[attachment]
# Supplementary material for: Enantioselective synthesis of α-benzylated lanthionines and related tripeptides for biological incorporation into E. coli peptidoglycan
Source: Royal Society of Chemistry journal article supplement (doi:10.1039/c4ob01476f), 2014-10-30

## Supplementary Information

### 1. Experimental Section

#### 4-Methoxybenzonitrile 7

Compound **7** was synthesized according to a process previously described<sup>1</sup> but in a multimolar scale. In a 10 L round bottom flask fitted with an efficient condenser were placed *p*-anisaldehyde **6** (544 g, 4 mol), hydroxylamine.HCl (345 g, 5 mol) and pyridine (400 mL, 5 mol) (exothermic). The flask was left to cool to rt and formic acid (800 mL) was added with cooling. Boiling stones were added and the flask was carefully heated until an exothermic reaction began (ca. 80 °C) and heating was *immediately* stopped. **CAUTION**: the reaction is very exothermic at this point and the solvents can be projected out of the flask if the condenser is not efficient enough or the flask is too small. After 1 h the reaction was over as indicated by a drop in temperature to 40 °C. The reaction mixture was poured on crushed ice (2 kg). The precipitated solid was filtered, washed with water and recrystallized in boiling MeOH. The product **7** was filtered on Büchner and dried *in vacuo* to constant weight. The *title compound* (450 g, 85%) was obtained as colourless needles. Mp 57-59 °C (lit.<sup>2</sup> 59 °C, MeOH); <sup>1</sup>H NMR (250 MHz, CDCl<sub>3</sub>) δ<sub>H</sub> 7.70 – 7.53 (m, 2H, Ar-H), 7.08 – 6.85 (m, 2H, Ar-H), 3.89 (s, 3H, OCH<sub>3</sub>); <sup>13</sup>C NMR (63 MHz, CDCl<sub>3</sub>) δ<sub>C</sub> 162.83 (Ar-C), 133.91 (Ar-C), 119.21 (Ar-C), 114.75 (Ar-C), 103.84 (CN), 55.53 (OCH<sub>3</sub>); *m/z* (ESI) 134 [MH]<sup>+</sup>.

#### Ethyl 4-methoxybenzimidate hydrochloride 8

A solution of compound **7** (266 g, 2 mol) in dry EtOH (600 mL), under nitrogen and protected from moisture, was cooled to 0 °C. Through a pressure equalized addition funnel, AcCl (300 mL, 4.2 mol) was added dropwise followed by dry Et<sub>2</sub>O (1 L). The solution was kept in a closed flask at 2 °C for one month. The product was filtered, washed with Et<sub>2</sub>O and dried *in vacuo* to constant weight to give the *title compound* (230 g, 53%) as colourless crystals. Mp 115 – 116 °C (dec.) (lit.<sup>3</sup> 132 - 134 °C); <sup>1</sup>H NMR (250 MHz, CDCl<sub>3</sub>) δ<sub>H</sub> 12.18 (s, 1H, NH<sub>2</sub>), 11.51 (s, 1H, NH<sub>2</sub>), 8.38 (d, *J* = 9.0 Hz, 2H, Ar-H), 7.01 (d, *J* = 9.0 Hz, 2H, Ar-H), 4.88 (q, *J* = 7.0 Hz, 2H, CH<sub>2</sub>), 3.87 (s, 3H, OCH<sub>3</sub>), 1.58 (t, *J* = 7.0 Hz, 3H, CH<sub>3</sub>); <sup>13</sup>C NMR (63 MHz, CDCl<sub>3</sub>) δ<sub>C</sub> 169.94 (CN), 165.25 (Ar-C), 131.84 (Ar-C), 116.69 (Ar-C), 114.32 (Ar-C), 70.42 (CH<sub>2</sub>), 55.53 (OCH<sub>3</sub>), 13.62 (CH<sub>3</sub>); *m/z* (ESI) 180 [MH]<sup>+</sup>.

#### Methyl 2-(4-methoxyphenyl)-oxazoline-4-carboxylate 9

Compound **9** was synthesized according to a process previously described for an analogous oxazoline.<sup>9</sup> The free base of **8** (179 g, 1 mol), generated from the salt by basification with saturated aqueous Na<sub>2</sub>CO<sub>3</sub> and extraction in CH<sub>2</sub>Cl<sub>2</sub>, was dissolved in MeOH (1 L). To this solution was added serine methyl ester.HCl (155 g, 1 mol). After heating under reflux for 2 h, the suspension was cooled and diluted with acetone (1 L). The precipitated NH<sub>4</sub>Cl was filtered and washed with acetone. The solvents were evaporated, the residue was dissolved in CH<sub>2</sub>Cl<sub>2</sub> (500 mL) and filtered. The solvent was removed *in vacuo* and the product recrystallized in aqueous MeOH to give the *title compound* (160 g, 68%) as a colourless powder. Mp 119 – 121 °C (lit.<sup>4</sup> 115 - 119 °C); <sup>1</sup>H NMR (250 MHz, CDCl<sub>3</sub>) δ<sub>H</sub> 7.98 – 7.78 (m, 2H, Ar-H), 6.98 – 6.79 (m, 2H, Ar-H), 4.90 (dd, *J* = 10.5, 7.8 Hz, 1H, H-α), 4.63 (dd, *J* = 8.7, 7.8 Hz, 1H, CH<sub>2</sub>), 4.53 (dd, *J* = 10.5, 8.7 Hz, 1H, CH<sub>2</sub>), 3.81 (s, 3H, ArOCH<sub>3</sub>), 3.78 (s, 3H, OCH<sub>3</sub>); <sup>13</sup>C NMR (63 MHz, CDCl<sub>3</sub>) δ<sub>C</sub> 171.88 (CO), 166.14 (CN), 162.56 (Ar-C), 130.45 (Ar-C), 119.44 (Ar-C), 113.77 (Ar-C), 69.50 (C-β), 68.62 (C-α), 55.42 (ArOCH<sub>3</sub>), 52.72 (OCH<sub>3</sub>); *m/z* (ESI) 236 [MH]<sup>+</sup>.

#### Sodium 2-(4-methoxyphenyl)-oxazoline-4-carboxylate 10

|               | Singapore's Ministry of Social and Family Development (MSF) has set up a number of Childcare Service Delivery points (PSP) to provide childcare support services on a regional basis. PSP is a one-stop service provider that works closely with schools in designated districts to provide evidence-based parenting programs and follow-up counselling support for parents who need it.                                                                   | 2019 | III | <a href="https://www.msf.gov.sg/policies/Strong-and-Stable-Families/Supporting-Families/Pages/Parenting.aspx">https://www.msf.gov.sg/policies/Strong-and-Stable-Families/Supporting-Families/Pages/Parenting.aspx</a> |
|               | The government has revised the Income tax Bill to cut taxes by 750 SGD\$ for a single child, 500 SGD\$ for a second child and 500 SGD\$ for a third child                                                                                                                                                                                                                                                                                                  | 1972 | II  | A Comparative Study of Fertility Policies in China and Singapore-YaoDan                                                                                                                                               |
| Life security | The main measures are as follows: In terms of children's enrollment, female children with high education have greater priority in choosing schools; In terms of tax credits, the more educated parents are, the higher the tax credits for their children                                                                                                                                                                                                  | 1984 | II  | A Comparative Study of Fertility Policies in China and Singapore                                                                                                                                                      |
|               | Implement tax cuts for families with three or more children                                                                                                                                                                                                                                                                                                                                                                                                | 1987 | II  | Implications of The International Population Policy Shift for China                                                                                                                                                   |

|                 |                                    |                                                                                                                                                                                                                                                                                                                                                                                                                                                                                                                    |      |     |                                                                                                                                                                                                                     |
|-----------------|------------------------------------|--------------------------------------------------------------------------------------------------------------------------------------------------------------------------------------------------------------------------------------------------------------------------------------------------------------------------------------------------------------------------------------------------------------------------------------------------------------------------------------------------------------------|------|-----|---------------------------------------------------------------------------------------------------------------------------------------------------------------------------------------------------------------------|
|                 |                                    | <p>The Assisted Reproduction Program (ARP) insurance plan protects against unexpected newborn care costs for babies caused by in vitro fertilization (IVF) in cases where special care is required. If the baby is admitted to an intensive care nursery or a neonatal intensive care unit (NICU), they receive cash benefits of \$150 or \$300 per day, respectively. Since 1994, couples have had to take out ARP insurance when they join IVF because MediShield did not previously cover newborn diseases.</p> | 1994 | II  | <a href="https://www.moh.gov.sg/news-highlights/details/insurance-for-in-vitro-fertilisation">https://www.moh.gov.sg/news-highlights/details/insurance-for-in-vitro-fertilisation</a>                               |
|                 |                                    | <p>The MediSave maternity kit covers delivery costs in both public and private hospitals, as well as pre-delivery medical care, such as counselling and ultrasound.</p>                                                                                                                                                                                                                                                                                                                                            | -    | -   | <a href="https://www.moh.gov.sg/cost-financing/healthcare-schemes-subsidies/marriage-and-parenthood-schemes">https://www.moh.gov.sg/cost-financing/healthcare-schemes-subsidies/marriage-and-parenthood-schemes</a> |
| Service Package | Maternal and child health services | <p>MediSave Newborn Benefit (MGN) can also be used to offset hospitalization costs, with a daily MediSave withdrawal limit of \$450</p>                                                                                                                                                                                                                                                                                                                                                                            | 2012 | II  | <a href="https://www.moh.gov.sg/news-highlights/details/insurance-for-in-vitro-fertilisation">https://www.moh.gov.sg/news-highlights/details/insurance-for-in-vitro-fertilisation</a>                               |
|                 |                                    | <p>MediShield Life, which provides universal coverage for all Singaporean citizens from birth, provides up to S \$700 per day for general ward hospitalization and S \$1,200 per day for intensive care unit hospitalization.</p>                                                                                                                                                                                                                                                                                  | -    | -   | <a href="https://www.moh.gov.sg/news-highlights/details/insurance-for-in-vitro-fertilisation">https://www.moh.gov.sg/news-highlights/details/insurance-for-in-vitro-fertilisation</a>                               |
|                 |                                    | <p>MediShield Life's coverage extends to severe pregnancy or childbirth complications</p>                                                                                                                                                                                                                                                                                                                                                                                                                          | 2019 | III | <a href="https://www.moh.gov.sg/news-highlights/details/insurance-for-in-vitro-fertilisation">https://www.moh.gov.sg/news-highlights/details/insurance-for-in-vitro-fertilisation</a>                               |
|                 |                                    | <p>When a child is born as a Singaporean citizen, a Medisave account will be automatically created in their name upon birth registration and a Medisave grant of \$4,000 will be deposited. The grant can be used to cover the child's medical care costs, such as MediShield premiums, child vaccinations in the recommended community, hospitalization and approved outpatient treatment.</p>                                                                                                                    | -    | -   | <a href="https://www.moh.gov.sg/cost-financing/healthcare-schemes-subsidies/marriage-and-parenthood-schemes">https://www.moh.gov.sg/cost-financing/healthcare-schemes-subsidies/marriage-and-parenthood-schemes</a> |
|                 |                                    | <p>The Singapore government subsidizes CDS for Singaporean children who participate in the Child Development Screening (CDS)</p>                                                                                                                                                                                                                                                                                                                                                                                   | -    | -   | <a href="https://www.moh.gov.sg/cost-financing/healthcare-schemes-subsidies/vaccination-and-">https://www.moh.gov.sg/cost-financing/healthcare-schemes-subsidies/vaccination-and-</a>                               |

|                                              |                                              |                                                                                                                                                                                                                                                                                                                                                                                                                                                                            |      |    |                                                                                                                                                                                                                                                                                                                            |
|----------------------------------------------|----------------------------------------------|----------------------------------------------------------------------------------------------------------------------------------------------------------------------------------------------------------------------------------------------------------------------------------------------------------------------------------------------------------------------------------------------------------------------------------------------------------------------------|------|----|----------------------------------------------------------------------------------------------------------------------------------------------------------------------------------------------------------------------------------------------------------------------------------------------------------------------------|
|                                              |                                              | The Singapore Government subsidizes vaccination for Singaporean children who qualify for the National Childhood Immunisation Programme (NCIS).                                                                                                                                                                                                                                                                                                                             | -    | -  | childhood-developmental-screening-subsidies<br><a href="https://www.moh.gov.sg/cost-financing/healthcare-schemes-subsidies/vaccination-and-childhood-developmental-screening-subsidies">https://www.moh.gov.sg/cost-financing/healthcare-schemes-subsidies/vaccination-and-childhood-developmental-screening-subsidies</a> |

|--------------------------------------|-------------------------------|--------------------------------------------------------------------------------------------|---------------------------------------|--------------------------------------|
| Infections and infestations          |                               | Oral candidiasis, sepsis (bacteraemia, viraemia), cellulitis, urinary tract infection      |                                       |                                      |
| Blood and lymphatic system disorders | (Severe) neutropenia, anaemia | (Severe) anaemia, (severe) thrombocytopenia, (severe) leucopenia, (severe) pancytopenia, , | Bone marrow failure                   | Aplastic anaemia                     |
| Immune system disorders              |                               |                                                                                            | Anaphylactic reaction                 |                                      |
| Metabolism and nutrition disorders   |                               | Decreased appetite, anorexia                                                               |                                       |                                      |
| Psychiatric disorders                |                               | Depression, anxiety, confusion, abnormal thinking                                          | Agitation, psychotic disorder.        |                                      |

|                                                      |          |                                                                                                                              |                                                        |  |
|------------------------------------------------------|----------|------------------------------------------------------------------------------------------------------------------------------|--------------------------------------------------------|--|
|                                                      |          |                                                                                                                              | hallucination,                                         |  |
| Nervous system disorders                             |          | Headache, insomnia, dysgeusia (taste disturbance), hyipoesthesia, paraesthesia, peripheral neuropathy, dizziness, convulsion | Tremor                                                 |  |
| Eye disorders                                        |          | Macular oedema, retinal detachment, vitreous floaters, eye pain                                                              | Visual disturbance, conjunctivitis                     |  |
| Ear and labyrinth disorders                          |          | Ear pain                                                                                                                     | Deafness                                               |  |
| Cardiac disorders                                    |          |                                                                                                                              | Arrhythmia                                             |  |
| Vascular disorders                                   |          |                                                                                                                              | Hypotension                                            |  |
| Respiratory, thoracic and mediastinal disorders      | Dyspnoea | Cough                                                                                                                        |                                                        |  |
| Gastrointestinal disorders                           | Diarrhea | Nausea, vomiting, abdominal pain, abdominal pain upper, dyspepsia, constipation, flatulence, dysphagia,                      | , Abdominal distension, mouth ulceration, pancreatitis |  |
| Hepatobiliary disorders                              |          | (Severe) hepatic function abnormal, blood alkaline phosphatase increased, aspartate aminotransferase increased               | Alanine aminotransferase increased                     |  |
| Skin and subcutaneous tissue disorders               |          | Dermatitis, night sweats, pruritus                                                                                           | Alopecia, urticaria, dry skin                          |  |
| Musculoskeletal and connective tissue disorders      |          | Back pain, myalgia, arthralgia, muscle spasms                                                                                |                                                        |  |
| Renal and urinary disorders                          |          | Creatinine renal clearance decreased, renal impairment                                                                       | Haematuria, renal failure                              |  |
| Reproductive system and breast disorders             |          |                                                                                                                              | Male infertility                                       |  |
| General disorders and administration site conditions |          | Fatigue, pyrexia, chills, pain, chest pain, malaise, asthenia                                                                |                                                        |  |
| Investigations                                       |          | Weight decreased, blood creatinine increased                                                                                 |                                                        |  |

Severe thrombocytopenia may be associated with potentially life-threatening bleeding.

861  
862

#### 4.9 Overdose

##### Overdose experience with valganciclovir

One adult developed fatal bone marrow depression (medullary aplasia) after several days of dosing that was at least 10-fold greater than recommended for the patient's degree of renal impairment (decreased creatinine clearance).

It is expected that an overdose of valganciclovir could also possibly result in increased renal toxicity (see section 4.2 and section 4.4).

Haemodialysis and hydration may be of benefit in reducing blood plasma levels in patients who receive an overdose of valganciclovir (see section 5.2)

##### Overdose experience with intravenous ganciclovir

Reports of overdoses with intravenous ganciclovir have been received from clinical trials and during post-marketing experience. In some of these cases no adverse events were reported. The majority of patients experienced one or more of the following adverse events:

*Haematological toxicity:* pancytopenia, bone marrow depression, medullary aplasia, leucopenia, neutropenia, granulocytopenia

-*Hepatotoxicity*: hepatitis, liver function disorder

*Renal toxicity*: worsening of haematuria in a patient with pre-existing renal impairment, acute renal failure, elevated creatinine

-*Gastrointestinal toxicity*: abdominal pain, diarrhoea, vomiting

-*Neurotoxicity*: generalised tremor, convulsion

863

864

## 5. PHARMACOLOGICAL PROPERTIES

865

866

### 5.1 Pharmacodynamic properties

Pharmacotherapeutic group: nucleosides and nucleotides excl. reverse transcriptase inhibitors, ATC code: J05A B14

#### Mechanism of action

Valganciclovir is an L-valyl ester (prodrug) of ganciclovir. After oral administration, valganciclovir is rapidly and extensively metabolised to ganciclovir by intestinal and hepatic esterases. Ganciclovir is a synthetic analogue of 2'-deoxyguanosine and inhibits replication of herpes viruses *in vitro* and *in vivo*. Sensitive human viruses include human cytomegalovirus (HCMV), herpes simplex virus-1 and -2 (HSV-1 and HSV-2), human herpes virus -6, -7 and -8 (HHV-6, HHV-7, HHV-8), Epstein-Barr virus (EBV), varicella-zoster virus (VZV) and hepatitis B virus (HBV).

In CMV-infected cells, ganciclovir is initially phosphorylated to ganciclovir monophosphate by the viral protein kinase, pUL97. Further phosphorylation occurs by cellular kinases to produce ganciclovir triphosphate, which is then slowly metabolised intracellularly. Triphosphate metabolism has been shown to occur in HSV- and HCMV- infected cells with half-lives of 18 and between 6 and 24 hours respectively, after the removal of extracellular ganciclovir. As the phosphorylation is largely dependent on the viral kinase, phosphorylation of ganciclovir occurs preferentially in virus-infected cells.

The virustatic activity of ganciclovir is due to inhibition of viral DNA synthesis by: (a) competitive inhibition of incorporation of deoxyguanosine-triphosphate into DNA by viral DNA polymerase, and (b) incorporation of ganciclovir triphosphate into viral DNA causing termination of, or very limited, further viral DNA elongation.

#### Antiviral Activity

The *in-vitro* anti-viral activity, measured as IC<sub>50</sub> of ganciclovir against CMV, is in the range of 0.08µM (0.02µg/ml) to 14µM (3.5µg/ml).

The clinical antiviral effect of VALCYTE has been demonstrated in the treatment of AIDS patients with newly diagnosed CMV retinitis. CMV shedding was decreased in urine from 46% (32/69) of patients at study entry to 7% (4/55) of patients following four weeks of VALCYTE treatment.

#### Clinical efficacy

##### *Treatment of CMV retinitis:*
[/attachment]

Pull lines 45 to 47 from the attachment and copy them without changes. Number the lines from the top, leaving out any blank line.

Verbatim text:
| Skin and subcutaneous tissue disorders               |          | Dermatitis, night sweats, pruritus                                                                                           | Alopecia, urticaria, dry skin                          |  |
| Musculoskeletal and connective tissue disorders      |          | Back pain, myalgia, arthralgia, muscle spasms                                                                                |                                                        |  |
| Renal and urinary disorders                          |          | Creatinine renal clearance decreased, renal impairment                                                                       | Haematuria, renal failure                              |  |